“This experience helps students understand why what they are learning is important, and combining education with hands-on experience solidifies their skills,” said Brittany Hayes, the department’s career specialist and internship coordinator.
Internships also allow students to gain skills and experience that they can’t find in the classroom alone, according to Hayes. Students strengthen their time and project management, teamwork and leadership skills.
“There is a new level of accountability that comes with an internship,” she said. “Your role and responsibility impact not only you but also the company and customers you are working with.”
This year, students majoring in sustainable materials and technology and paper science and engineering completed internships and co-ops at a variety of companies, including Lignetics, Caragreen, International Paper, and WestRock.
Kelvin Borges, a sophomore double majoring in paper science and engineering and chemical engineering, for example, started a co-op with International Paper, where he’s working on a variety of projects as a process engineer.
“I am really excited to keep working here for the next couple of months because I am at a smaller mill which means I have access to a wide array of projects in different departments,” Borges said.
Hayes added that internships not only allow students to see the value of what they learn in the classroom but also allow students to explore potential careers. This was the case for Melzer Morgan IV, a junior studying sustainable materials and technology.
Morgan, who recently spent his summer as a technical analyst for NC State’s Hodges Wood Products Laboratory, said: “After graduation, I plan to search for a job in my industry that features hands-on work and sustainable development,” he said. “I plan to use other internships and work experiences in addition to my current position to further narrow my search in the job market.”
Department of Parks, Recreation and Tourism Management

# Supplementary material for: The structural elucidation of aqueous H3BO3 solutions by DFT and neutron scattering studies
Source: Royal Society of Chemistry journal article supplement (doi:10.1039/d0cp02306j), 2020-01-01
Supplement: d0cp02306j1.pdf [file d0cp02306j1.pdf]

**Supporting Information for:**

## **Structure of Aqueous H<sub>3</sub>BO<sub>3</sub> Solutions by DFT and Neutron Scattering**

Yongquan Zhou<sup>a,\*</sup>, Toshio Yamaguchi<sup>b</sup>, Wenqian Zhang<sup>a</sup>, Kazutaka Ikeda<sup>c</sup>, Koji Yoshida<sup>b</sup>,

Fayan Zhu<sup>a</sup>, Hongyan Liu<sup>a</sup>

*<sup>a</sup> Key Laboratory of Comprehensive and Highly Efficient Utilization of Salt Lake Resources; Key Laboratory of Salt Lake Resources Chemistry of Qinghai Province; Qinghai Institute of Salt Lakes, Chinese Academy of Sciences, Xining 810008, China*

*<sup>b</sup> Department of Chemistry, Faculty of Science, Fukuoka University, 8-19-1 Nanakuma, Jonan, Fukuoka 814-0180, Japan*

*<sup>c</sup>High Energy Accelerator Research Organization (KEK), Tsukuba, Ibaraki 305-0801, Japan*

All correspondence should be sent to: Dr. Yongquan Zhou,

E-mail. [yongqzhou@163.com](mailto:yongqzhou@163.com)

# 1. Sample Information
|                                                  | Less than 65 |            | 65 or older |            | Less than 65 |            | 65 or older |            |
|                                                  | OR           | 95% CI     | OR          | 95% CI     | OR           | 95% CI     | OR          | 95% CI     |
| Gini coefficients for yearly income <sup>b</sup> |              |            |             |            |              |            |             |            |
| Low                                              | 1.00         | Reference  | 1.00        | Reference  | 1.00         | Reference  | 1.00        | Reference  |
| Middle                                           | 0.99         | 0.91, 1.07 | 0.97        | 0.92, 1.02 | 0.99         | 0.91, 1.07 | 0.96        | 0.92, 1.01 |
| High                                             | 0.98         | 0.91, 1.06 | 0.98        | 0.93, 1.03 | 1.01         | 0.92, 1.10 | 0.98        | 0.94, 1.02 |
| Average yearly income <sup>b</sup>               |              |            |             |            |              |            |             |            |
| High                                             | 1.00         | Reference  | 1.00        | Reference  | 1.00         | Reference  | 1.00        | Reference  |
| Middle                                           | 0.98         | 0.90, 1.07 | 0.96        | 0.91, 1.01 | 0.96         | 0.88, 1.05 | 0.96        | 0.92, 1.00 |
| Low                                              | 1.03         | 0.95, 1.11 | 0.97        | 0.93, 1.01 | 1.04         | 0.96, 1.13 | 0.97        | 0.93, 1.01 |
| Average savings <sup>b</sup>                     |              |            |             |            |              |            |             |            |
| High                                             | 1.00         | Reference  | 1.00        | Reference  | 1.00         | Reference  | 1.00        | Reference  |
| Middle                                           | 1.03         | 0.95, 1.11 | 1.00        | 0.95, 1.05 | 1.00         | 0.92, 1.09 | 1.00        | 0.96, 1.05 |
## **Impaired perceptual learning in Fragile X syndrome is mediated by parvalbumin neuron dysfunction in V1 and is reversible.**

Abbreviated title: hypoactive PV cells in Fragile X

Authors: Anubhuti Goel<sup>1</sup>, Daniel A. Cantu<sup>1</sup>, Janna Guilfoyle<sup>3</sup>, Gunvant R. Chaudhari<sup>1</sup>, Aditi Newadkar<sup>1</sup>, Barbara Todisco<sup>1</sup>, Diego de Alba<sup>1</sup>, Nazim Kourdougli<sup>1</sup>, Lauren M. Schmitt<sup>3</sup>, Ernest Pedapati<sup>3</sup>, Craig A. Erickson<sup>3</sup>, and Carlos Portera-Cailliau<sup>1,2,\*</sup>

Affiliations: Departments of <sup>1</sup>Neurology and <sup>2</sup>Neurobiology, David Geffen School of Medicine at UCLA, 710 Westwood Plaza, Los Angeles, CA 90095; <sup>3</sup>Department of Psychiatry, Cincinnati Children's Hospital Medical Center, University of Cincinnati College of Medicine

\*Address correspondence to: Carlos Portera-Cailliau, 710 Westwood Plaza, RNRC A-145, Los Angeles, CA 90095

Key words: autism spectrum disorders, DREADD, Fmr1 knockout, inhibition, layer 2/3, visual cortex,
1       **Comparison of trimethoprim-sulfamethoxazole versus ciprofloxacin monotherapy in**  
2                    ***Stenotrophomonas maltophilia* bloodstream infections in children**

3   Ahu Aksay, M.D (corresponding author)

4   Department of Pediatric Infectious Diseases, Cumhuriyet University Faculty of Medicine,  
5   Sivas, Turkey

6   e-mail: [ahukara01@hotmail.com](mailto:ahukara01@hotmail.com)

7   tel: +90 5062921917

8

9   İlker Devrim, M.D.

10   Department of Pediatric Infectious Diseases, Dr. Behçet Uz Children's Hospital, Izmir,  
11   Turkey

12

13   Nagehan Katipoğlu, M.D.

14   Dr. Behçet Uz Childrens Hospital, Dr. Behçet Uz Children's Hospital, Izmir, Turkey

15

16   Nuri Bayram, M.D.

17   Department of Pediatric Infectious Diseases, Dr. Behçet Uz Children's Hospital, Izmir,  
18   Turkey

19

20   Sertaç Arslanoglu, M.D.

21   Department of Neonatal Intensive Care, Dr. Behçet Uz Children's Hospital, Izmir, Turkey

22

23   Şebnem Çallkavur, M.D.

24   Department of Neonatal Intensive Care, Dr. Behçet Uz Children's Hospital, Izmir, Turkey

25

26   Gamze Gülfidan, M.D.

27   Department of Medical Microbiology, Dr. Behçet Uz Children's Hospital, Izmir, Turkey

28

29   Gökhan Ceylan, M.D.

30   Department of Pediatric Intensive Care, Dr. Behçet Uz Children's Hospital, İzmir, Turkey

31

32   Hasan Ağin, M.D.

In an effort to prepare its students for the workforce, the Department of Parks, Recreation and Tourism Management requires all undergraduate students to complete an internship before graduation, according to lecturer and internship coordinator Martha Brown.
Brown said internships are a vital part of the student experience for those pursuing a degree from the department because “our majors are so relationship- and customer-focused.”
“Students are really able to set themselves apart from their peers by getting experience in the field and building relationships through networking as much as possible,” Brown added.
Internships allow the department’s students to gain a better understanding of the importance of leadership, customer service, programming and other skills that they’ve learned about in the classroom and that they’ll need for their careers.
These experiences also provide students with an opportunity to learn about things as simple as working in an office setting or crafting an email to a manager.
“As faculty, we can try to explain these things until we’re blue in the face, but until the students can experience it for themselves, it doesn’t always register,” Brown said.
Brown added that students often come back from internships with a greater understanding of the real world, which they then apply to their classes.
“Students who come back to the classroom after completing an internship seem to finally get that what we have been teaching in the classroom actually has some merit,” she said.
This summer, students interned for organizations around the world, from the U.S. Forest Service to the Chinese Surfing Team in Beijing. For example, Victoria Fuda, a senior studying parks, recreation and tourism management, interned for Xanterra Travel Collection in Yellowstone National Park, where she worked to promote sustainable tourism practices.
“This internship has given me the opportunity to see firsthand the process of operations within a large lodging department where the company prioritizes the natural environment,” Fuda said. “With this experience and knowledge, I will be more qualified and able to analyze current tourism destinations and determine where and how changes can be made.”
This post was originally published in College of Natural Resources News.